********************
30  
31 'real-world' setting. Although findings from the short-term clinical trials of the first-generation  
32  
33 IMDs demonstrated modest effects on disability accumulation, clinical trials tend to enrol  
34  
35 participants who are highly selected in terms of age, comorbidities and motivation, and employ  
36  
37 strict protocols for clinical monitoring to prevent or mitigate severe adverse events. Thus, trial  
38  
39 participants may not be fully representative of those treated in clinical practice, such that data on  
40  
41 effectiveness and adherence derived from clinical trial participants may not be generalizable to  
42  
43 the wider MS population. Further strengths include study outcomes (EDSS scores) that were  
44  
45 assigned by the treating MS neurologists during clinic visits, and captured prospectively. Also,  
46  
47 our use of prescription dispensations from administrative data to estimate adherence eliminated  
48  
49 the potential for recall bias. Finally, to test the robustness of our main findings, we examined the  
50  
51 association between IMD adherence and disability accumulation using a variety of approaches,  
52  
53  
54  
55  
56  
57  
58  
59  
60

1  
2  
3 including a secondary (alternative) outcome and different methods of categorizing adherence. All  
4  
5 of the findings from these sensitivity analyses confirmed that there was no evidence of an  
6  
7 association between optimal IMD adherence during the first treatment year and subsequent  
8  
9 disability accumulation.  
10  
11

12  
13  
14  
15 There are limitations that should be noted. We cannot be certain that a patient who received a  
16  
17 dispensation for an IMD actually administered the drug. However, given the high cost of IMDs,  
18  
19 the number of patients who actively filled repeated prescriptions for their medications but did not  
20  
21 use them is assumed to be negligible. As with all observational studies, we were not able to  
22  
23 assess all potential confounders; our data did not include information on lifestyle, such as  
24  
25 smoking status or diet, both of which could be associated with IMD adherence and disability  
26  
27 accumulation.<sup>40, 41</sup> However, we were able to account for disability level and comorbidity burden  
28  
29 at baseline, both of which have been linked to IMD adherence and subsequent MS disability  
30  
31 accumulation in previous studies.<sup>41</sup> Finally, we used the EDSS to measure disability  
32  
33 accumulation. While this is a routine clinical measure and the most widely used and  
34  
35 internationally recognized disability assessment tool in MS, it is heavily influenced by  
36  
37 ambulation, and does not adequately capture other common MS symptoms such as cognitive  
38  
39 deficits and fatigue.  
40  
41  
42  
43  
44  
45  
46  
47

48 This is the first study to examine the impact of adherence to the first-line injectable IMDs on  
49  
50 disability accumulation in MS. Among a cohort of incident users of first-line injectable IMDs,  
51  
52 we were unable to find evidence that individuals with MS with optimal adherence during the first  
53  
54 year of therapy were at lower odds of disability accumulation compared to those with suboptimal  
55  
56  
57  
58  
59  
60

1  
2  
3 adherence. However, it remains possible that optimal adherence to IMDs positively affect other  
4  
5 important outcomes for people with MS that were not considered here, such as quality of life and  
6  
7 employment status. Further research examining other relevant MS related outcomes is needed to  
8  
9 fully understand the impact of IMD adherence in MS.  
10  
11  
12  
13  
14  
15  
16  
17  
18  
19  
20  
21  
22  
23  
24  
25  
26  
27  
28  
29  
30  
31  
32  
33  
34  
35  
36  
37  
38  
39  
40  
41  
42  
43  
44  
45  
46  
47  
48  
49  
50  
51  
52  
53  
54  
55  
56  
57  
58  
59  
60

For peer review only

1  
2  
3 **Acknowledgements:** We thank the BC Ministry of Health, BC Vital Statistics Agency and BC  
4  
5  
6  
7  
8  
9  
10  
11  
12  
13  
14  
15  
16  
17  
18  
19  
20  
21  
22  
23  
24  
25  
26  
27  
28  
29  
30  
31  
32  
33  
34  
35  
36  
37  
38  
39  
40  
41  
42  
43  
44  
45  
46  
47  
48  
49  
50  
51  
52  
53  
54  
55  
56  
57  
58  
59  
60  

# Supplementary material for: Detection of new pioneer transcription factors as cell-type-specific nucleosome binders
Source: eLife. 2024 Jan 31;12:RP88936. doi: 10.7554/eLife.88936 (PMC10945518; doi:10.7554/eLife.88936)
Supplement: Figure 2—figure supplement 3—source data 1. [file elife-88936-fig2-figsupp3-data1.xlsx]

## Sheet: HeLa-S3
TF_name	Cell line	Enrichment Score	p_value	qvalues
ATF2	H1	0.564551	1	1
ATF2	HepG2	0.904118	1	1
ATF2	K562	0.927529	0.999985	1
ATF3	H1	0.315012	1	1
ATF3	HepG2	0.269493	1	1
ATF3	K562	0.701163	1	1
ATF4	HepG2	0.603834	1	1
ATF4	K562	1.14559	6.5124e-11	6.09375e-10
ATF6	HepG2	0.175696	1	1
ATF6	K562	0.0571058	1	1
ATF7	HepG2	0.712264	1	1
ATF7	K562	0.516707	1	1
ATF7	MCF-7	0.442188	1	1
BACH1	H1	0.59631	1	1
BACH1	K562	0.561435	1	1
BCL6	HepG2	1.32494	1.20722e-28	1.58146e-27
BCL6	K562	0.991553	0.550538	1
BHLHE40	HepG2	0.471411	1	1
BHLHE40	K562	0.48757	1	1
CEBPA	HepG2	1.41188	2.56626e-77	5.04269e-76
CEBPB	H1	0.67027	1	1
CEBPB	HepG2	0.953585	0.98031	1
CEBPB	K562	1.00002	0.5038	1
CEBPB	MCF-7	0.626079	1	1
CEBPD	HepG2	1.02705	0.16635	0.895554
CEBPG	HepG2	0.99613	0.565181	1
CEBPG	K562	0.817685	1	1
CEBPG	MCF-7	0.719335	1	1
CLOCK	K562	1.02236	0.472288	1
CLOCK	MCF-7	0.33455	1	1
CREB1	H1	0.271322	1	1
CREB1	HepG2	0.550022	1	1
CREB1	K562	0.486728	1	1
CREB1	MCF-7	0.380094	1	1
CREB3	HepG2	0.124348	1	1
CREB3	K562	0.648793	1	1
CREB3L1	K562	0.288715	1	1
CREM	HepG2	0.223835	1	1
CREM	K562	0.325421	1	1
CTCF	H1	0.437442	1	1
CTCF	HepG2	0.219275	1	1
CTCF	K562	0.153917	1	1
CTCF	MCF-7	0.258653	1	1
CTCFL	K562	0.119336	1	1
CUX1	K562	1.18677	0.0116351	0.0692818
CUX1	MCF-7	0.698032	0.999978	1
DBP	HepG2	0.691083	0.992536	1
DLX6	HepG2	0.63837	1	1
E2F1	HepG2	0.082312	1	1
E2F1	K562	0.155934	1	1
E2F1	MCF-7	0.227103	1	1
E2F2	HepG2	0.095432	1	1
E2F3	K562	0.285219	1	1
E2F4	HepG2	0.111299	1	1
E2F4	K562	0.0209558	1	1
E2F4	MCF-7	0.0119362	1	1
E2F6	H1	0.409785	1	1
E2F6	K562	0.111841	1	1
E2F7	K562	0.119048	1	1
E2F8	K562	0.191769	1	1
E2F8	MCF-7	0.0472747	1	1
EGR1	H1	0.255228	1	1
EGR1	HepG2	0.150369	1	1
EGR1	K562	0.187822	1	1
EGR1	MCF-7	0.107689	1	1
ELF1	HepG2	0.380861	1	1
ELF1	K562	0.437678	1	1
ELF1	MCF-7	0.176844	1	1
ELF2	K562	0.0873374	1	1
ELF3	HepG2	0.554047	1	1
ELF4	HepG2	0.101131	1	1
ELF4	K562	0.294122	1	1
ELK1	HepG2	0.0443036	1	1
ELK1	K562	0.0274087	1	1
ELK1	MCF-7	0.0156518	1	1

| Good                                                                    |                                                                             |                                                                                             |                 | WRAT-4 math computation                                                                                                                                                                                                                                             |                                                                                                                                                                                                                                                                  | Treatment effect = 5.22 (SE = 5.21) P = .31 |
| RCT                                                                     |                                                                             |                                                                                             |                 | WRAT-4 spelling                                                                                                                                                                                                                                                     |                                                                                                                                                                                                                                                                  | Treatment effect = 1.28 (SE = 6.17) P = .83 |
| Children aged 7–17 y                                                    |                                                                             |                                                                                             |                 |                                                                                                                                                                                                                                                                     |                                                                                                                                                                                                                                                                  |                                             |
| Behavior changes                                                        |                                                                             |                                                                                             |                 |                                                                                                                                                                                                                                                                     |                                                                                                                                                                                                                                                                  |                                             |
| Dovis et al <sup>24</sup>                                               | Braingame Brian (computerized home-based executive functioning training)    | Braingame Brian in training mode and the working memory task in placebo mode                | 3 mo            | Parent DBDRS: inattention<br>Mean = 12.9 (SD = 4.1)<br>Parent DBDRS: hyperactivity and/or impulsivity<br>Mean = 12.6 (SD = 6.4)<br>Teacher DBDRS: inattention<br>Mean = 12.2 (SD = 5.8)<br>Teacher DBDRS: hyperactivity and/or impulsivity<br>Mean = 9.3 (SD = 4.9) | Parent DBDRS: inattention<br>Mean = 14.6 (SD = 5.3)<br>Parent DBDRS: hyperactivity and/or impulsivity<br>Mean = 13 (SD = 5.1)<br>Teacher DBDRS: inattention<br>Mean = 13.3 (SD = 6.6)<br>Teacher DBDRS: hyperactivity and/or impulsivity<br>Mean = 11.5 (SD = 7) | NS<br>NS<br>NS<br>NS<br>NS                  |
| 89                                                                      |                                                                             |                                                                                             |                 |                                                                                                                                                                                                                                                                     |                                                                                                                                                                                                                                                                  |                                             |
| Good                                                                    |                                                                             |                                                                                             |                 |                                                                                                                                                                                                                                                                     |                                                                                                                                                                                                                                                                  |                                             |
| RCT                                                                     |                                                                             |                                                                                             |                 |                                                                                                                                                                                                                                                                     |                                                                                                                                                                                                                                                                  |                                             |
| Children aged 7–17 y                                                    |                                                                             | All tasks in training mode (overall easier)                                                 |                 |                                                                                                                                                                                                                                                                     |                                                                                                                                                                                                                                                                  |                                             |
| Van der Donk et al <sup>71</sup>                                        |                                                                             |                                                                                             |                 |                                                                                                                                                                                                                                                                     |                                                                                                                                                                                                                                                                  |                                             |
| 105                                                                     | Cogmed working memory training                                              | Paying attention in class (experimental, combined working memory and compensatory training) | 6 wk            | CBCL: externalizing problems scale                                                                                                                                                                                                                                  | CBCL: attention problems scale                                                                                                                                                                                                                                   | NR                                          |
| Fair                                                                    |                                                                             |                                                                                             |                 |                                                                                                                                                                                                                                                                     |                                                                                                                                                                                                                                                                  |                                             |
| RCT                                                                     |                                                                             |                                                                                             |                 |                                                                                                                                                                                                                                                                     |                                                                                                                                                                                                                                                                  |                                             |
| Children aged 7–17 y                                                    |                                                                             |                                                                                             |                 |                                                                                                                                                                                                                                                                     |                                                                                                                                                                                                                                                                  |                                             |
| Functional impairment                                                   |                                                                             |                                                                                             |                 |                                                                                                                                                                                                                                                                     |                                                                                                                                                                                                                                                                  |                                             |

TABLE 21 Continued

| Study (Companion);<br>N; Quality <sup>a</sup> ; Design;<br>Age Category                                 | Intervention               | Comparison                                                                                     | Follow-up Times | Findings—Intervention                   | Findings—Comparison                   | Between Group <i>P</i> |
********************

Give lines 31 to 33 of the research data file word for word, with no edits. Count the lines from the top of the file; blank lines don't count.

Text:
60

1  
2  